A larger version of this animation is available for download. Links: MPEG-4 format, WEBM format, and OGG format


Colarco, P., A. da Silva, M. Chin, and T. Diehl, 2010: Online simulations of global aerosol distributions in the NASA GEOS-4 model and comparisons to satellite and ground‐based aerosol optical depth, J. Geophys. Res., 115, D14207, doi:10.1029/2009JD012820.

Lin, S., 2004: A “Vertically Lagrangian” Finite-Volume Dynamical Core for Global Models. Mon. Wea. Rev., 132, 2293–2307, doi: 10.1175/1520-0493(2004)132<2293:AVLFDC>2.0.CO;2.

Long, M. S., R. Yantosca, J. E. Nielsen, C. A. Keller, A. da Silva, M. P. Sulprizio, S. Pawson, and D. J. Jacob, 2015: Development of a grid-independent GEOS-Chem chemical transport model (v9-02) as an atmospheric chemistry module for Earth system models. Geosci. Model Dev., 8, 3, 595-602. doi:10.5194/gmd-8-595-2015.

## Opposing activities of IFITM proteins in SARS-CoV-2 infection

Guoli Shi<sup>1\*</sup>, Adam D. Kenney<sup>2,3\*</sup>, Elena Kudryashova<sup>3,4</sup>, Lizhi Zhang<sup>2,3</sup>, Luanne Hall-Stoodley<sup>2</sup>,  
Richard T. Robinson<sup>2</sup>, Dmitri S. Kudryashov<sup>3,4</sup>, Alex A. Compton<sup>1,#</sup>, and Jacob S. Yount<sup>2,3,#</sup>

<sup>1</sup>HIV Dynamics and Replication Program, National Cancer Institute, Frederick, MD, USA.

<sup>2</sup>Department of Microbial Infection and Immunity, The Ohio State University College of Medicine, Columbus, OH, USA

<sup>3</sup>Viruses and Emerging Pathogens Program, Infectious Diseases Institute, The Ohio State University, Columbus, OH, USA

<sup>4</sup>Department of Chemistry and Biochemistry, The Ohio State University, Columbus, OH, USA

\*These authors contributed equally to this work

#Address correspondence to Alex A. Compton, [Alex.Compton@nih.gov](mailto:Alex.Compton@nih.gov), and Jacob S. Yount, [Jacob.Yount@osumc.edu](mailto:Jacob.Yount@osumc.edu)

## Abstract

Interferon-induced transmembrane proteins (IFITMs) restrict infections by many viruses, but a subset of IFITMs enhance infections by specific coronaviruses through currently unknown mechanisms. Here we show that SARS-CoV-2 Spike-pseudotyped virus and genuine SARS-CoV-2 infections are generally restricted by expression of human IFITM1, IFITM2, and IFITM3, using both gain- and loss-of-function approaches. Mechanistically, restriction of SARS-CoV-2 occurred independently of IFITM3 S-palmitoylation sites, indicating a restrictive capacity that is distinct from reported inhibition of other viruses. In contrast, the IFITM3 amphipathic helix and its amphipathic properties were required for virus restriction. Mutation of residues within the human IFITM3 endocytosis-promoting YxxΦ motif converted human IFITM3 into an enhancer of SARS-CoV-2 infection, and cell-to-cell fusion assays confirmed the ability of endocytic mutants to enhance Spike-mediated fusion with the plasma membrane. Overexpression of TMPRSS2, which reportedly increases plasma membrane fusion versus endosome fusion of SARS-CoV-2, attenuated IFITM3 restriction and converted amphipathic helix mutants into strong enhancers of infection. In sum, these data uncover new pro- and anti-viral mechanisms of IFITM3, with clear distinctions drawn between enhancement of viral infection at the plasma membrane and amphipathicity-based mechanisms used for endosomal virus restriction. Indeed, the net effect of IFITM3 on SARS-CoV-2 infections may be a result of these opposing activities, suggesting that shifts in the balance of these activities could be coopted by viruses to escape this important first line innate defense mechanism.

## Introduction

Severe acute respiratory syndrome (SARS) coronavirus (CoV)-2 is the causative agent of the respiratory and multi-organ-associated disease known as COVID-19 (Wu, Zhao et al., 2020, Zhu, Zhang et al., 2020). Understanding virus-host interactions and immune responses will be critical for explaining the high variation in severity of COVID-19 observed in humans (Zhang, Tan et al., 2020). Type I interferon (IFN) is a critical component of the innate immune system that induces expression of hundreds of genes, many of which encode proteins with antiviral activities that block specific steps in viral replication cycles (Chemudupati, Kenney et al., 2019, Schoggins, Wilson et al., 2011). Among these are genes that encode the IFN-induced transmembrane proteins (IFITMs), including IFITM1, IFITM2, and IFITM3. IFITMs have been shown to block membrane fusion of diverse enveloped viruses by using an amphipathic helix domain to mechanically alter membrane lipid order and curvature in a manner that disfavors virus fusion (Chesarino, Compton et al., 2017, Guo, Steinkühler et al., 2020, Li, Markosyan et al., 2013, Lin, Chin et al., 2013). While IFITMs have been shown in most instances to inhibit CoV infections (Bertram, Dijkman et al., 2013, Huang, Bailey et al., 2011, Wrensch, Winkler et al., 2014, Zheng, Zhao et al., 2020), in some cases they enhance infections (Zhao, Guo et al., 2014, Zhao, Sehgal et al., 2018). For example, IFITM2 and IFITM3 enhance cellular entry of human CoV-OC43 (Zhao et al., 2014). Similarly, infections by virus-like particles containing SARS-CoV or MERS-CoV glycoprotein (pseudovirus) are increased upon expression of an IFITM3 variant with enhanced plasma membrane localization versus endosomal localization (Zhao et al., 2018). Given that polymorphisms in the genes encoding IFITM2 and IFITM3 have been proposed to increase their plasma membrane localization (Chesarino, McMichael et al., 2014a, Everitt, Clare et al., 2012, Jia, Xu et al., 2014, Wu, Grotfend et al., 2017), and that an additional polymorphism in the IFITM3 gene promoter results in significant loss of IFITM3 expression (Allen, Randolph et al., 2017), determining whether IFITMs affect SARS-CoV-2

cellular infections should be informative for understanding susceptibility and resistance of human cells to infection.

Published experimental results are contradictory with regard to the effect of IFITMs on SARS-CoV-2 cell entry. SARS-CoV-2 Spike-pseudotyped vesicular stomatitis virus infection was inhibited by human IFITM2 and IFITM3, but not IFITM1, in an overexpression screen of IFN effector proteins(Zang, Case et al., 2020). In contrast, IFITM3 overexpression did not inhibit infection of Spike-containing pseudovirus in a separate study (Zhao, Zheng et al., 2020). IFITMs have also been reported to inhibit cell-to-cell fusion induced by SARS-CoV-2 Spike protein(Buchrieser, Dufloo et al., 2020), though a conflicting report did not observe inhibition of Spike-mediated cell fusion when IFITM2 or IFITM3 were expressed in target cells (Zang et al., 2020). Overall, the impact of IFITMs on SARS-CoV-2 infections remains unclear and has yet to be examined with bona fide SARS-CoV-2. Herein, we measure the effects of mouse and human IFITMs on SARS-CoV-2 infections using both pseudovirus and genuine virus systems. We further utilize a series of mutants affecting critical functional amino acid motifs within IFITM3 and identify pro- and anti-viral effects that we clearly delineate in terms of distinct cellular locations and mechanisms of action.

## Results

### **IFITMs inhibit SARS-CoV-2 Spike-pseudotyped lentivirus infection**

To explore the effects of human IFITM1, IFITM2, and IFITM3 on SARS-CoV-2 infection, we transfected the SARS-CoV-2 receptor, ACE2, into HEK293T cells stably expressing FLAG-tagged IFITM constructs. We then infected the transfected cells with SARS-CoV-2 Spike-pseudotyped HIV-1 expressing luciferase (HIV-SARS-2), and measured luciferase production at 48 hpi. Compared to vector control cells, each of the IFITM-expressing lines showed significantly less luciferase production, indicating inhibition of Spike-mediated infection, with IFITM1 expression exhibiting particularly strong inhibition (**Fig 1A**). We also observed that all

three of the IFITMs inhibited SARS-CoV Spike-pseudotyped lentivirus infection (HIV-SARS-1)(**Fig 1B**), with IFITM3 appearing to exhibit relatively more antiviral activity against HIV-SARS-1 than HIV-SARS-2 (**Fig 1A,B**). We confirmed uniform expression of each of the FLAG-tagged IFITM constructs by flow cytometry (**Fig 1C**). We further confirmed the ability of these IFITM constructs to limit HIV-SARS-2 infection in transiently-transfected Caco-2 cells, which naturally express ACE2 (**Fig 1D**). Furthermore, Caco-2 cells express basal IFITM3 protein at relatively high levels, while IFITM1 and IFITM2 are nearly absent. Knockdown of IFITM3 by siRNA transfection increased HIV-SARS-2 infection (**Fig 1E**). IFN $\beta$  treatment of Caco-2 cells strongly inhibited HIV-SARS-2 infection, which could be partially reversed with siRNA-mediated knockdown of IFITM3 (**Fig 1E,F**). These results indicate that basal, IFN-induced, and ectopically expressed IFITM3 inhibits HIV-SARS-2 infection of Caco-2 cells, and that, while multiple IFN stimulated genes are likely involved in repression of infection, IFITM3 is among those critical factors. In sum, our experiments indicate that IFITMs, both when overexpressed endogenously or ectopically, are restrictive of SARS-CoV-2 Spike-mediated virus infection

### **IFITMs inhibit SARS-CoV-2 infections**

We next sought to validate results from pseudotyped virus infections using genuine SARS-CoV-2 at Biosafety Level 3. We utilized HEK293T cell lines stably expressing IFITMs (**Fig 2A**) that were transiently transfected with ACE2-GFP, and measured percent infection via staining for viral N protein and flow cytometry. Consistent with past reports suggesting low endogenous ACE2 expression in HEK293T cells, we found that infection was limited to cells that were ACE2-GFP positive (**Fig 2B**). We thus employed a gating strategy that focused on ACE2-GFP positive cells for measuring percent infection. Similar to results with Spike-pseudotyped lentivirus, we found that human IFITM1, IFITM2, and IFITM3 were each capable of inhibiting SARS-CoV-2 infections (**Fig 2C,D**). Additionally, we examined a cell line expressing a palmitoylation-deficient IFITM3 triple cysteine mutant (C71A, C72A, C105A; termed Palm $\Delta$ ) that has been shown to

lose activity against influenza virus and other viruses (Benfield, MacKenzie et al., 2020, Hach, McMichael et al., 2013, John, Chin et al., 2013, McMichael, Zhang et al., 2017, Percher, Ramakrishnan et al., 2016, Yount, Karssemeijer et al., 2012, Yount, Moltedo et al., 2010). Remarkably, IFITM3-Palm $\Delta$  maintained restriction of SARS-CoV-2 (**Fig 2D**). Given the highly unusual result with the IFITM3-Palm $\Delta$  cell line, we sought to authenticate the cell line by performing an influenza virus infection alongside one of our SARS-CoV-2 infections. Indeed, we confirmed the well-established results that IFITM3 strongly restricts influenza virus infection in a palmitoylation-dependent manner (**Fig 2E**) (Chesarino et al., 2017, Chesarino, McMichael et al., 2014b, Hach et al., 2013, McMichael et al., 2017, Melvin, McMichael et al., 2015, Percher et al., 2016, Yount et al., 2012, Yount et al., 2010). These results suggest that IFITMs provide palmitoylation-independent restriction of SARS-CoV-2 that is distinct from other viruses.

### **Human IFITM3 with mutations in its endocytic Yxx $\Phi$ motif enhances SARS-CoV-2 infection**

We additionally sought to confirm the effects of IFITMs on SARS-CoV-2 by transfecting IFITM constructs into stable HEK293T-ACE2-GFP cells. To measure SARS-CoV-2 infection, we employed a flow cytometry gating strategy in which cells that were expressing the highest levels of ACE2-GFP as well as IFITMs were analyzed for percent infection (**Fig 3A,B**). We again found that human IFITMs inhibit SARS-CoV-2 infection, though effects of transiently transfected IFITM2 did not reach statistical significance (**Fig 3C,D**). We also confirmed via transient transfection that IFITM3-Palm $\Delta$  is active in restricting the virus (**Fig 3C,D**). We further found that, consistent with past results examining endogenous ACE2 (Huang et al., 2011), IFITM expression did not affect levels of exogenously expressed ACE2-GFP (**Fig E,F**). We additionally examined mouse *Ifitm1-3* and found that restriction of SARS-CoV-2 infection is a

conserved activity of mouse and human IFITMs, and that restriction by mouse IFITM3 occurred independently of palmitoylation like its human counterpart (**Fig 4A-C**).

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Pawson, S., R. S. Stolarski, A. R. Douglass, P. A. Newman, J. E. Nielsen, S. M. Frith, and M. L. Gupta, 2008: Goddard Earth Observing System Chemistry-Climate Model Simulations of Stratospheric Ozone-Temperature Coupling Between 1950 and 2005. J. Geophys. Res., 113, D12103. doi:10.1029/2007JD009511.

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Suarez, M.J. and L.L. Takacs, 1995: Technical report series on global modeling and data assimilation. Volume 5: Documentation of the AIRES/GEOS dynamical core, version 2, NASA-TM-104606-VOL-5, REPT-95B00069-VOL-5, NAS 1.15:104606-VOL-5, 51pp.